The Holy Grail of Hollywood Thrillers?

Sigourney Weaver, Holly Hunter, Dermot Mulroney, William McNamara, Harry Connick Jr., J.E. Freeman, Will Patton. Directed by Jon Amiel. Aspect ratio: 2.35:1 (anamorphic). Dolby Digital 5.1 (English), Dolby Surround (French). 123 minutes. 1995. Warner Home Video 14168. Rated R. $24.98.

Hollywood churns out plenty of thrillers each year, but really good ones remain as elusive as the Holy Grail. Copycat is among those Hollywood rarities---a top-notch thriller that doesn't underestimate its audience and delivers a story as realistic as it is scary.

Sigourney Weaver stars as a noted criminal psychologist who ends up a virtual basket case after being viciously attacked by a serial killer she helped bring to justice. Holly Hunter is a homicide detective whose tenacity and drive are effectively masked by a façade of girlish charm. The two are brought together by a serial killer stalking the San Francisco area. While the police have no leads, the psychologist's ability to connect the crimes based on the bits of information released to the media make her a valuable tool for Hunter's detective to exploit.

With all the evidence at her disposal, the good doctor soon discovers that this new serial killer is re-creating the crimes of the Boston Strangler. However, it turns out that re-creating the Boston Strangler is just the killer's way of getting her attention. To keep her and the police guessing, he quickly switches to the modus operandi of another famous serial killer. As things progress, Helen (Weaver) comes to realize that the killer is playing a deadly game with her.

Director Jon Amiel brilliantly cast his lead actors against type, affording each the opportunity to deliver unexpected but riveting performances. Weaver's impressive stature makes her a natural for portraying strong female leads, and her Oscar-nominated turn as Ellen Ripley in Aliens ensures that she will forever be identified as a tough-as-nails icon.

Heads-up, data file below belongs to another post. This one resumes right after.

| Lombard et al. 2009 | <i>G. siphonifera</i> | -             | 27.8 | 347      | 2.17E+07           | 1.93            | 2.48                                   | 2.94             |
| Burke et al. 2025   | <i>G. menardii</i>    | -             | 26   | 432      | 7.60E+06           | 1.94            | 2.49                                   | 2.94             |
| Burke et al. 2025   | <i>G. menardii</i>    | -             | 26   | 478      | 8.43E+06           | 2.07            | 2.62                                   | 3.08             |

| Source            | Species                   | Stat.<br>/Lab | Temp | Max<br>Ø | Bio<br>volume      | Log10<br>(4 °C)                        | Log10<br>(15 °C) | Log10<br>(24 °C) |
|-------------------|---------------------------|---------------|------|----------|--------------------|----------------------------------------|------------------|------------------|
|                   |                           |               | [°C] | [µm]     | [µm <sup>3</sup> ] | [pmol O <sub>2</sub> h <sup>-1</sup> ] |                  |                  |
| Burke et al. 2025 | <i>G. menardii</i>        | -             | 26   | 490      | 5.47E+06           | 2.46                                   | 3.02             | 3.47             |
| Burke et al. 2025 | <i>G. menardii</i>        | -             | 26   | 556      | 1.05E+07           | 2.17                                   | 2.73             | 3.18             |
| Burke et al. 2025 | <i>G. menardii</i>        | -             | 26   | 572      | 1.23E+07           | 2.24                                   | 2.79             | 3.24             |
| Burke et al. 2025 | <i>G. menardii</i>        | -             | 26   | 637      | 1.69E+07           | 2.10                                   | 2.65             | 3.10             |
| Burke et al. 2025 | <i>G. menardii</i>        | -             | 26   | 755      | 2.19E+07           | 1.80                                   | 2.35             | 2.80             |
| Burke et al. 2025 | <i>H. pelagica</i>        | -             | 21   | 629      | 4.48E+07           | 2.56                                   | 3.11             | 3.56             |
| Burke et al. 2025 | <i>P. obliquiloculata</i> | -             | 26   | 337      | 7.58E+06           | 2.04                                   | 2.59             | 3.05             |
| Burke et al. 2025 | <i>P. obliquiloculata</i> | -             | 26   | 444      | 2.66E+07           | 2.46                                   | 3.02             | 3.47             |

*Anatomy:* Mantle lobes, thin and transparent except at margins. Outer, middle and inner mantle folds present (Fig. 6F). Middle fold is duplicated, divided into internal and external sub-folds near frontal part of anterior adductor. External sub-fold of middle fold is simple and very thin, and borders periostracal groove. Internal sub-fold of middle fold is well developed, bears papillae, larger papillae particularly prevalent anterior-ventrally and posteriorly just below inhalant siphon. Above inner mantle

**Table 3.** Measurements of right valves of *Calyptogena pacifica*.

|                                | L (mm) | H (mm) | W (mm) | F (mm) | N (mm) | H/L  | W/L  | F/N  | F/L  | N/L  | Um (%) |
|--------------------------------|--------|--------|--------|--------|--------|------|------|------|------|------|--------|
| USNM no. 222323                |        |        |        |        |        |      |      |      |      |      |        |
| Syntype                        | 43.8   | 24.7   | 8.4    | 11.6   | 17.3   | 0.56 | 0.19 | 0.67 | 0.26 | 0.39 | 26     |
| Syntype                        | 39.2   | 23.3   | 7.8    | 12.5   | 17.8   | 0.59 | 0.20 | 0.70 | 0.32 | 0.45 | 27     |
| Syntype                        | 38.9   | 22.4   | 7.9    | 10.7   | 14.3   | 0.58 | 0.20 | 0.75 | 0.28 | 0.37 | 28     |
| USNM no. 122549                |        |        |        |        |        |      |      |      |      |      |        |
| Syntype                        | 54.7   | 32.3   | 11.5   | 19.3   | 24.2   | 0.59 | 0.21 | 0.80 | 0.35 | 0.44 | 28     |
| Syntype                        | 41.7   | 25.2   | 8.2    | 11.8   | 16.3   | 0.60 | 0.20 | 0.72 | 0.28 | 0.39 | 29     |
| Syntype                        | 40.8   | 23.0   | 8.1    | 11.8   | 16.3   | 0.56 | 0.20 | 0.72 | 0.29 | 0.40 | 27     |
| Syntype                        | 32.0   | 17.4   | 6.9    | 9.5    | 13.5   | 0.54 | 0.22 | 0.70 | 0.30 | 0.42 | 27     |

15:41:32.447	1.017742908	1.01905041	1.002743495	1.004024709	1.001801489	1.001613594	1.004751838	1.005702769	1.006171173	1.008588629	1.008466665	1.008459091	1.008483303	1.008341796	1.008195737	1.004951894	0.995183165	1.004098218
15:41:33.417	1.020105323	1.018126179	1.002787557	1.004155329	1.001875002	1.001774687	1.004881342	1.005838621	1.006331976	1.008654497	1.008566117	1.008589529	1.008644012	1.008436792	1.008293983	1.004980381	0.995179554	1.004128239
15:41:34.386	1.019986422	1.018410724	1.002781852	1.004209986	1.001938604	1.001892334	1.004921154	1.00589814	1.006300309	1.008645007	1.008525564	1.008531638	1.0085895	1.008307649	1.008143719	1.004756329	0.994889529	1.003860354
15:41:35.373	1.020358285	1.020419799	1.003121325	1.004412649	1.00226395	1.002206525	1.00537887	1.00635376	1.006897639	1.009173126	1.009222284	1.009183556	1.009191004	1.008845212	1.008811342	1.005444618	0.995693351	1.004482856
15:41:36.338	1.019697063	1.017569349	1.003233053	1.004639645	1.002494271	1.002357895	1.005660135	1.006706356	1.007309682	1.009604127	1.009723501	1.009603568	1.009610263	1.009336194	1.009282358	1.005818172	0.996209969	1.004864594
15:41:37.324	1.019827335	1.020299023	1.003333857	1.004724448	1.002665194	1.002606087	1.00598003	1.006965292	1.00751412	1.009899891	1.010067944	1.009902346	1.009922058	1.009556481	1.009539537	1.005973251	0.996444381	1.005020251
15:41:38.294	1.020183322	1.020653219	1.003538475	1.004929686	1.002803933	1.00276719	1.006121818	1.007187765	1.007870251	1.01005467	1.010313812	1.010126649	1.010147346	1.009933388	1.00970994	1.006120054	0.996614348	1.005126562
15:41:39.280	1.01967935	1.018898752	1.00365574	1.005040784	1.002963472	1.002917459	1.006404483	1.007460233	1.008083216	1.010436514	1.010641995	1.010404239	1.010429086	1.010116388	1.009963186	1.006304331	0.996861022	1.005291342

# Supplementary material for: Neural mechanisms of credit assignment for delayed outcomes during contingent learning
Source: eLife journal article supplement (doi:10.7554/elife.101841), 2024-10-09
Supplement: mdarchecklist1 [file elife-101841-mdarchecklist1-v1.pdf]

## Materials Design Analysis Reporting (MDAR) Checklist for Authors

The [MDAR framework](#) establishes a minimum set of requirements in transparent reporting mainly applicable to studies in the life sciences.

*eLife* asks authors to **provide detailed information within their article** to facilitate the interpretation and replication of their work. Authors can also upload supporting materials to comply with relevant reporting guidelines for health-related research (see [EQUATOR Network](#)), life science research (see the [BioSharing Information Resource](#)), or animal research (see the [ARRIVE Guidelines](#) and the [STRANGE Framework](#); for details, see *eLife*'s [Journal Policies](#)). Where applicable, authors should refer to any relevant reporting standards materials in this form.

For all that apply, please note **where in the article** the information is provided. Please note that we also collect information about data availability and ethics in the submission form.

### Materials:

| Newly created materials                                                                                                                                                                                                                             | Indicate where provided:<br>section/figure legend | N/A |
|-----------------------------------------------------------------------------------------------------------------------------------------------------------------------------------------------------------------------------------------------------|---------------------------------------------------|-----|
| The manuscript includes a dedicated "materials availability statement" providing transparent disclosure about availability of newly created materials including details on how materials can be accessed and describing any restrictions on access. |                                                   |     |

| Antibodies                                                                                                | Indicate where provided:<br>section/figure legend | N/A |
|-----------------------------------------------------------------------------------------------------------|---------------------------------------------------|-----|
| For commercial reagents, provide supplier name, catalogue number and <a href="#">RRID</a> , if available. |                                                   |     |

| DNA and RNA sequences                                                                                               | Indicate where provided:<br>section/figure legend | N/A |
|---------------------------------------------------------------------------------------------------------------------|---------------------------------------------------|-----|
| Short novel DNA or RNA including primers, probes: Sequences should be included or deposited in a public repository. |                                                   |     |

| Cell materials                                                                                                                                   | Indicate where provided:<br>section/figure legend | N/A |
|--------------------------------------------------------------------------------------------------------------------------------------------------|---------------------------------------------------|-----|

But in Copycat, Weaver's character is a psychological disaster area---a woman so traumatized by the attempt on her life that the very thought of leaving the safety of her apartment sends her into panic attacks. Weaver is able to convey the horror of being trapped by one's own personal demons despite having a brilliant, analytical mind that should easily overcome such fears.

Holly Hunter is the complete physical opposite of Weaver, yet despite her diminutive size, you never question her authority as the lead homicide investigator tracking the killer. Hunter's M.J. Monahan might play at being coy, but all you have to do is look in her eyes and at her body language to know she's deadly serious.

Copycat also features another unexpected standout performance from Harry Connick Jr., who is downright frightening as Daryll Lee Cullum, the serial killer whose brutal attack leaves the psychologist's psyche in a shambles. Thanks to Connick's fascinating performance, Cullum is one of the screen's most frightening apparitions of pure evil.

Amiel wrings the maximum suspense out of most of the sequences. Instead of going for the kind of visceral shocks one expects from a Hollywood thriller these days, he allows the tension to build slowly to unbearable levels. Suspense is why Copycat succeeds where so many other thrillers fail.

Warner Home Video gives DVD consumers a choice of viewing the film in a cropped or widescreen anamorphic presentation. However, because Copycat was intended by its director to be viewed in a 2.35:1 aspect ratio, I'll restrict my comments to the widescreen version---a glorious reproduction of impressive cinematography. The use of light, shadow, and color is nothing short of dazzling as Amiel creates a number of widely contrasting environments that greatly enhance the impact of the film. Never has bright white been so brutal or so scary. Both hot and cold colors reproduce effortlessly on this DVD, without the kind of noise and distortion inherent in analog video sources. Image detail remains high throughout, even in the most intricate lighting situations.

The film's Dolby Digital soundtrack is quite effective. Dialog is crisp and precise, while music and sound effects are deployed through the discrete channels to build and relieve tension.

Chief among this DVD's supplements is a full-length audio commentary featuring director Amiel. His comments are highly accessible and filled with interesting bits about the production. Using the DVD's interactive menus, you can also view a theatrical trailer, production notes, and biographical information about the cast and crew.